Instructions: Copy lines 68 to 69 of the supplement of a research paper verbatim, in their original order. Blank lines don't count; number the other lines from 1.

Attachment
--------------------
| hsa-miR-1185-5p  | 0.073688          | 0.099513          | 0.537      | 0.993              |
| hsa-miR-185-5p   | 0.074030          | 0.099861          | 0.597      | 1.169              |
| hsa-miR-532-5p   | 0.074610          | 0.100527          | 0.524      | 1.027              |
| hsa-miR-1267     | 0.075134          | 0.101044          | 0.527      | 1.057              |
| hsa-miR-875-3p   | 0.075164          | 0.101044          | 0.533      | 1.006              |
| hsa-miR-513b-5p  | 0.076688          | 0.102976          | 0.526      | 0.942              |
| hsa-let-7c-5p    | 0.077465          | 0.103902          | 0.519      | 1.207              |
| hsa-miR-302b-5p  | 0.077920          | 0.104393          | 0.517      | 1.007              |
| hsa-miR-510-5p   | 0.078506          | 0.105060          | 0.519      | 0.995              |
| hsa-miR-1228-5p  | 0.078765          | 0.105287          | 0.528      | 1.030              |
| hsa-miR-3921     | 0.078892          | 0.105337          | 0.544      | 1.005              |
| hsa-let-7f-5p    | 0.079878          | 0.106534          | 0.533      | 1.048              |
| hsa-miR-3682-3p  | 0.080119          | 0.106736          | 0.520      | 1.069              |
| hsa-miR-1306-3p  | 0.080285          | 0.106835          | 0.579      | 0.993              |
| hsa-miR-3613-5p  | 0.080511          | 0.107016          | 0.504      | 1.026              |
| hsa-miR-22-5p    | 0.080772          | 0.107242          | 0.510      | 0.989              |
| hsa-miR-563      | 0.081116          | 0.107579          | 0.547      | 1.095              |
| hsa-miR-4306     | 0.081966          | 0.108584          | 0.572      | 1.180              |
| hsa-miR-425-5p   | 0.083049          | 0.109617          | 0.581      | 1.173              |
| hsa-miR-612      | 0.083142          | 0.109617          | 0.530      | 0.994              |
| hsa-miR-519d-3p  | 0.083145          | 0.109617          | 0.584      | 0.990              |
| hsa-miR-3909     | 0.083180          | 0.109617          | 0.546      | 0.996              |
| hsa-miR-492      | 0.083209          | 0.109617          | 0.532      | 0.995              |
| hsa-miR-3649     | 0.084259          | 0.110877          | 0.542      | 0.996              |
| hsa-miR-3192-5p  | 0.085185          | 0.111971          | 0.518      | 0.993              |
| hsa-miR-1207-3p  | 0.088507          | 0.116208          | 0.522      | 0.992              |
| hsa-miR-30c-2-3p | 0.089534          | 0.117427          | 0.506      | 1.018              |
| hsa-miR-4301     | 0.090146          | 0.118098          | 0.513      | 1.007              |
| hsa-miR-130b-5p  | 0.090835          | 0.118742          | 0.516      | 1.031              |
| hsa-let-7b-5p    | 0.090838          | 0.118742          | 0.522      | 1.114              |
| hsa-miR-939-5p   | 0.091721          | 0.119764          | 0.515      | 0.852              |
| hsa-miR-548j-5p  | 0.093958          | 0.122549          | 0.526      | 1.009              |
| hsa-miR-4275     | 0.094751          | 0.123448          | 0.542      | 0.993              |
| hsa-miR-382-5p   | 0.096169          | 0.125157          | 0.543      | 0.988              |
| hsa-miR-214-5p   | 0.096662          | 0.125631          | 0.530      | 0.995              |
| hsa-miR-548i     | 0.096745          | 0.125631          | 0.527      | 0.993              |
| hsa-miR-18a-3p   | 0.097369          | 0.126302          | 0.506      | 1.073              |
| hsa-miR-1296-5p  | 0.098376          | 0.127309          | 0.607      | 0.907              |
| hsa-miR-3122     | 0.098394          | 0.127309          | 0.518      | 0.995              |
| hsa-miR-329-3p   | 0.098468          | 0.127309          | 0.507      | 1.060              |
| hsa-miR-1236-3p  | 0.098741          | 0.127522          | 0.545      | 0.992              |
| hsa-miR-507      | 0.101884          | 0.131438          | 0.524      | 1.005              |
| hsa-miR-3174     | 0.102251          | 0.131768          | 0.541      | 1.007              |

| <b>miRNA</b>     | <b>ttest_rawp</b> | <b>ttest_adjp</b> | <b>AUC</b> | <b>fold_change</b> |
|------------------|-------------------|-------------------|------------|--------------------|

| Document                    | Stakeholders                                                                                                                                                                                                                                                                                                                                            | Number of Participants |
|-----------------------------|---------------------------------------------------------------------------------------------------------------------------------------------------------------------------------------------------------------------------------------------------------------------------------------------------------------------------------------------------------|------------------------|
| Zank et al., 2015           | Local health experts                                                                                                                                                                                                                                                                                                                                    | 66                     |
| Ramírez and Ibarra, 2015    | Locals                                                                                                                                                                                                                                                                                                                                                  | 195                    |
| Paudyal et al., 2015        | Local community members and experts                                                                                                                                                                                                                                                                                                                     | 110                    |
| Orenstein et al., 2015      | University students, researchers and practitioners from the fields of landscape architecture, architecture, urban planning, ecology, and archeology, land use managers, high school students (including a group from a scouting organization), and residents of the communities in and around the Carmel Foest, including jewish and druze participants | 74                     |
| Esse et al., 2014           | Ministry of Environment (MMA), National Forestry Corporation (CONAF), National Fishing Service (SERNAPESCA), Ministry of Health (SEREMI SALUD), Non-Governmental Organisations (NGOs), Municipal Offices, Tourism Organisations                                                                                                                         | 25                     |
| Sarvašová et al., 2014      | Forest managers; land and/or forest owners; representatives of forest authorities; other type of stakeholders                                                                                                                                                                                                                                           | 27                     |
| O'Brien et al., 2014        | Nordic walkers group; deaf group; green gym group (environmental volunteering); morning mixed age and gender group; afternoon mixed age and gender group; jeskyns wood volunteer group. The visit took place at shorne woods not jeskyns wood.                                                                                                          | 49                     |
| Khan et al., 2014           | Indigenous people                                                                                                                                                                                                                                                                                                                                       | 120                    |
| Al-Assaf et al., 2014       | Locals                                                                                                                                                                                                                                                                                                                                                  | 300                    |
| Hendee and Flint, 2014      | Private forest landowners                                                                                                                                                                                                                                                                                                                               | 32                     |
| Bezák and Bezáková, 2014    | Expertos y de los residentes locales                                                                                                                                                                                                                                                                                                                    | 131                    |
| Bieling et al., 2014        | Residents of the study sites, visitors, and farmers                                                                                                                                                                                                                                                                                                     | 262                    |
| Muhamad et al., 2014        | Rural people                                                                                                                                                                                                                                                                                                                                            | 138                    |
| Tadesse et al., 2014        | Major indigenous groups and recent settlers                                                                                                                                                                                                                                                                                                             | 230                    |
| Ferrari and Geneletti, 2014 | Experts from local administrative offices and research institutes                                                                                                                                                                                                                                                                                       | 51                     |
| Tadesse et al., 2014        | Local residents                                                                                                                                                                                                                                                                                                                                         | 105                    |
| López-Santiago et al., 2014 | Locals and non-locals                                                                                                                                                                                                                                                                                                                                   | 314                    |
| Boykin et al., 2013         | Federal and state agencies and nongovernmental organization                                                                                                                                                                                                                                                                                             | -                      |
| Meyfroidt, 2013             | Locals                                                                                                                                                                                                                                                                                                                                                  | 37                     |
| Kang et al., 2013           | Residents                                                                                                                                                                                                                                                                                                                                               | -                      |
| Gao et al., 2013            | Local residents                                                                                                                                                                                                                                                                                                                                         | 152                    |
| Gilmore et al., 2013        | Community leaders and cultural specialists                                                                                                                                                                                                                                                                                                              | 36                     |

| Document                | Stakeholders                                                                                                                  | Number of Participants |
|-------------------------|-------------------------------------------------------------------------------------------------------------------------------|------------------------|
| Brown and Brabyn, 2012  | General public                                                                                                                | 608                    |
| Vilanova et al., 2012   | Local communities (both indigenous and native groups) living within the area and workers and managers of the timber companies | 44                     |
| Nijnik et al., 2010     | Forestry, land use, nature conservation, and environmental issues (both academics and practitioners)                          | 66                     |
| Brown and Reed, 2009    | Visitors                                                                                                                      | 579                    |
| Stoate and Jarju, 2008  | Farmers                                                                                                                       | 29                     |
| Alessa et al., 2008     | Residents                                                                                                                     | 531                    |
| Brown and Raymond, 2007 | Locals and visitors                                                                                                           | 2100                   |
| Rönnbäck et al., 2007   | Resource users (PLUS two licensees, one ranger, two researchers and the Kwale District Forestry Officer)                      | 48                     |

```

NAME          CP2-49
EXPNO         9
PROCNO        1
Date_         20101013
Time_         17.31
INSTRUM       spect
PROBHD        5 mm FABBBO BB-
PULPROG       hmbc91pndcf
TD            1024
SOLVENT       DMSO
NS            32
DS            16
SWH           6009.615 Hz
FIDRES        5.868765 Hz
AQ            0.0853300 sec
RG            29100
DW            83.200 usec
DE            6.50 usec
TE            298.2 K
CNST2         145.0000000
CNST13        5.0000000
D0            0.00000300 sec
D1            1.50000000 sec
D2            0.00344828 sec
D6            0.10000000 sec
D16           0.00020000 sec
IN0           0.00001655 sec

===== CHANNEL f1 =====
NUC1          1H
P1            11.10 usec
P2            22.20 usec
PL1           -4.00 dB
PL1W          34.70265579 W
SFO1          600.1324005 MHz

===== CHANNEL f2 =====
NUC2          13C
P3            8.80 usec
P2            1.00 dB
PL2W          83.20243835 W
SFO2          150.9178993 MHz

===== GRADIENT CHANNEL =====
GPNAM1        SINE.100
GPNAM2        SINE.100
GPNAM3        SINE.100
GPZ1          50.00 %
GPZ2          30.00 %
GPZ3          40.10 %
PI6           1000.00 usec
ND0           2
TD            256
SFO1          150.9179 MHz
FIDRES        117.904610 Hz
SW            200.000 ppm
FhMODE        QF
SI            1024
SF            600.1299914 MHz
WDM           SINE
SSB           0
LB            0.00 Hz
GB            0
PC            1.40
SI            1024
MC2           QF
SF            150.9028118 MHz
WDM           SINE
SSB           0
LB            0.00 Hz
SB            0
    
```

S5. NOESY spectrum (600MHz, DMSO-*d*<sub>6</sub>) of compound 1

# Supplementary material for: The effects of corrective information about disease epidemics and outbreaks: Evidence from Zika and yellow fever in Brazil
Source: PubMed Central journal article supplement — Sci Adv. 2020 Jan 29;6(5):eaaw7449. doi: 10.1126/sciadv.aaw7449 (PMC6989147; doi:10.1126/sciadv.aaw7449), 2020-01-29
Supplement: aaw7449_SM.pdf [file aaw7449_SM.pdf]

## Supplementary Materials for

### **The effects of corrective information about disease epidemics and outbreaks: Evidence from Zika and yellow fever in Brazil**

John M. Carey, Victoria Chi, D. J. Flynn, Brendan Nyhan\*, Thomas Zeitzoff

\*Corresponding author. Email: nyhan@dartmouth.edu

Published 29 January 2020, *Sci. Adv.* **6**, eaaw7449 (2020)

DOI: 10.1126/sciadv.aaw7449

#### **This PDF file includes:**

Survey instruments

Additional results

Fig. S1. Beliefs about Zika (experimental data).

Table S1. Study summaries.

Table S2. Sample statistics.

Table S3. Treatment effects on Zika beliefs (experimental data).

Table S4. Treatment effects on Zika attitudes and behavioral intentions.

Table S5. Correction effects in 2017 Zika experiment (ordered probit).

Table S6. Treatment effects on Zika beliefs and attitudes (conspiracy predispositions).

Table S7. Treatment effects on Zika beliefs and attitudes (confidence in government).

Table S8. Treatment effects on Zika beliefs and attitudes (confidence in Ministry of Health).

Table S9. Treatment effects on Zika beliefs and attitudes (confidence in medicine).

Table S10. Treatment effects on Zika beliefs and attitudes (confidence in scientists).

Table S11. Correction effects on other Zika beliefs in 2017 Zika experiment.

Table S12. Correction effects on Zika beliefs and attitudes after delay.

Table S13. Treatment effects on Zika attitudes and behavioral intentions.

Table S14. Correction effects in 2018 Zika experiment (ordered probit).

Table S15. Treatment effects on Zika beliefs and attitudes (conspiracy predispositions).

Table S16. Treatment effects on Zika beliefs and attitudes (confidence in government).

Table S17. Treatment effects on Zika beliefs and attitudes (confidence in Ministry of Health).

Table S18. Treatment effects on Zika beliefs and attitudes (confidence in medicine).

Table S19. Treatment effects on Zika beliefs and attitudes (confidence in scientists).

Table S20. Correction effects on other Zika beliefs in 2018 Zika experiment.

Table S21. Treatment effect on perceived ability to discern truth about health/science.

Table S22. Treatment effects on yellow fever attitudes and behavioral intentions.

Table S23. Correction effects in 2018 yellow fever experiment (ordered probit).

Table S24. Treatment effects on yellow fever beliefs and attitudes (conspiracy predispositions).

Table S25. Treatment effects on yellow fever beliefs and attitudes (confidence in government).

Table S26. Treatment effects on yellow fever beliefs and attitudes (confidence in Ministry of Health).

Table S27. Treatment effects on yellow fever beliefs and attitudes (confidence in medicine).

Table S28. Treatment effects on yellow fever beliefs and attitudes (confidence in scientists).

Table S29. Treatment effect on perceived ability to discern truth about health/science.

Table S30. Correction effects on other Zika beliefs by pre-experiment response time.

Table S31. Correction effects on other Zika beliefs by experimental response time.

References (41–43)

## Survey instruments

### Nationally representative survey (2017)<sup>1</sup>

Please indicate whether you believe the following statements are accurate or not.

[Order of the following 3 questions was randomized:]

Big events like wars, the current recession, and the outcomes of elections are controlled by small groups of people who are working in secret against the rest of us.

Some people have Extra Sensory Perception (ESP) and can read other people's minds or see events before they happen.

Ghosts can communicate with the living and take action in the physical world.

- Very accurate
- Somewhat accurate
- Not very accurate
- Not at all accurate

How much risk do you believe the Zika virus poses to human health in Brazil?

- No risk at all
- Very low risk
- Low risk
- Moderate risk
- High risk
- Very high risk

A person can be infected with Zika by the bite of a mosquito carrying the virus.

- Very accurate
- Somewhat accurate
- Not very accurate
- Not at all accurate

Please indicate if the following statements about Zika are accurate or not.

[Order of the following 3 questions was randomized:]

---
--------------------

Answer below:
| Gao et al., 2013            | Local residents                                                                                                                                                                                                                                                                                                                                         | 152                    |
| Gilmore et al., 2013        | Community leaders and cultural specialists                                                                                                                                                                                                                                                                                                              | 36                     |